Written evidence submitted by the Architects' Climate Action Network


  1. Introduction

Written evidence submitted by:


Fiona Macdonald is a conservation accredited architect at LDN architects based in Edinburgh, with experience in public sector cultural projects across Scotland and the north of England.


Anna Lisa McSweeney is an architect at White Arkitekter, with a long-standing interest in good design to create healthy cities and resilient communities. With over 6 years of experience of practicing in London, Anna Lisa is implementing the company’s Scandinavian experience and design ethos within the UK’s regulatory and planning context.  


Both Fiona and Anna Lisa are individual members of the independent and voluntary Architects Climate Action Network (ACAN) and coordinators of the Existing Buildings thematic working group, on whose behalf this response is submitted. ACAN is a network of individuals within architecture and related built environment professions taking action to address the twin crises of climate and ecological breakdown. The Existing Buildings group’s remit includes raising awareness within and beyond the industry of the importance of retaining, retrofitting and improving the performance of our existing buildings and their percentage contribution to net zero targets

  1. Key areas of concern for ACAN’s Existing Buildings Working Group

        How should re-use and refurbishment of buildings be balanced with new developments?


The refurbishment; otherwise referred to as the retrofit of our existing buildings, in particular homes, must be prioritised urgently if we are to meet our net zero targets. The EU Commission's new data shows that existing housing fabric in the UK is among the poorest in north-west Europe (UKACE). Existing private housing stock contributes to 13% of UK carbon emissions (CCC Report Feb 2019). Two-thirds of UK homes fail on energy efficiency targets by falling below the C grade on Energy Performance Certificates (EPCs).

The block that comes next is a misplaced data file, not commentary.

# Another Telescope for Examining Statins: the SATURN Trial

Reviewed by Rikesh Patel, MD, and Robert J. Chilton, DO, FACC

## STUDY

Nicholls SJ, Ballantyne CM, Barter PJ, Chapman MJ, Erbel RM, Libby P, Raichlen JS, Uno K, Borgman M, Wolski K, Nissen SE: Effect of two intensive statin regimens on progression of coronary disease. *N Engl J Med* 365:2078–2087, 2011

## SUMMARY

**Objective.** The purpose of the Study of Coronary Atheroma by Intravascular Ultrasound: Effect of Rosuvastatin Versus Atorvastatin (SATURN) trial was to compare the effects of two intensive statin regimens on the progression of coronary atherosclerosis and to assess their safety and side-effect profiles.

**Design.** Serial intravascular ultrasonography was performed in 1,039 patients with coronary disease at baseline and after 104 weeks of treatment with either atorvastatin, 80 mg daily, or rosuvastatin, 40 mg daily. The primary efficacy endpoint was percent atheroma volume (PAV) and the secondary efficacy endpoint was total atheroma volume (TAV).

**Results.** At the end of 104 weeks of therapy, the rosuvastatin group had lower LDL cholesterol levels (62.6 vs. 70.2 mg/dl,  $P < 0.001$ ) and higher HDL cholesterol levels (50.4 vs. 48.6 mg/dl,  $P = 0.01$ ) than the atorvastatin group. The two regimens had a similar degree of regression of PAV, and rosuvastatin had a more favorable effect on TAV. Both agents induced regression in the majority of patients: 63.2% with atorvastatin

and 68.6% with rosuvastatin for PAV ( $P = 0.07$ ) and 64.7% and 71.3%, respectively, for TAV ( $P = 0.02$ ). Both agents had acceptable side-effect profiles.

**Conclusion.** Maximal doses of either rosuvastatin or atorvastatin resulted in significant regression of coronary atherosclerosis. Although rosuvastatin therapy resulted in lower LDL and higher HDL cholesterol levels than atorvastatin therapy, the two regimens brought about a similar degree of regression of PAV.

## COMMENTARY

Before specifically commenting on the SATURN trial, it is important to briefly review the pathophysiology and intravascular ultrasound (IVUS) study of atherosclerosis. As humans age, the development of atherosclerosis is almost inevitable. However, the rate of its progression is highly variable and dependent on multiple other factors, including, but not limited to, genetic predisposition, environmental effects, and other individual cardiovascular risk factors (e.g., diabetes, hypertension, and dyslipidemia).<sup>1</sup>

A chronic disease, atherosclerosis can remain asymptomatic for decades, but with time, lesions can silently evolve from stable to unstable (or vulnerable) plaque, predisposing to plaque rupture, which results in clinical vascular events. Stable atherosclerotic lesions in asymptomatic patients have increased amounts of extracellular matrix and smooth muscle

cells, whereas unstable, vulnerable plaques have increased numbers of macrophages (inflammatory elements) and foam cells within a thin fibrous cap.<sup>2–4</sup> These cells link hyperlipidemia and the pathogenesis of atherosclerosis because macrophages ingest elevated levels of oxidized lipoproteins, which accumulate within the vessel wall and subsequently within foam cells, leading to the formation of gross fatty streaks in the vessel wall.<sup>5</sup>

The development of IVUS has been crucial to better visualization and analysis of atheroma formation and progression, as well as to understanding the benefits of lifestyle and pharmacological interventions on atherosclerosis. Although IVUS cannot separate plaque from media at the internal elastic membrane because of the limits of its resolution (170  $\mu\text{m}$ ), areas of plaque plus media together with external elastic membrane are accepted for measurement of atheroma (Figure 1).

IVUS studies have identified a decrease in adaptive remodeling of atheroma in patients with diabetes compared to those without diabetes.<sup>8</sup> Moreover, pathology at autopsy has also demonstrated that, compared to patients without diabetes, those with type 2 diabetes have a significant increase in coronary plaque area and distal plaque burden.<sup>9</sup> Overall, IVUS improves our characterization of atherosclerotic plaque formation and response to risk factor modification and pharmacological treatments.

In order to achieve a net zero operation balance in the UK, and so meet our legal 2050 targets, the energy demand of all our buildings must not exceed our capacity for renewable energy production.


80% of the homes we will live in by 2050 already exist[1], and therefore the carbon emissions of these homes must be reduced, in parallel with ensuring that the Energy Use Intensity (EUI) of newly constructed homes is brought to a minimum. As such, the introduction of a regulatory performance framework with EUI requirements will be necessary to ensure the building industry delivers necessary ultra low energy buildings.


In addition to operational energy, we must consider the embodied energy of our buildings, in order to achieve net zero whole life carbon. Leading industry organisations, such as the London Energy Transformation Initiative, have written a road map to achieving net zero whole life carbon, LETI’s Climate Emergency Design Guide (2019) defines key performance indicators for meeting whole life carbon in new buildings. 


Echoing the Architect Journal’s Retrofirst campaign, It is essential that we think reuse first, new build second. Where there is an existing building available, default action must be to keep it and upgrade, rather than demolition and building from scratch. Creative solutions to use of buildings must be sought to ensure their retention alongside high quality new buildings only where required and planned efficiently to limit impact.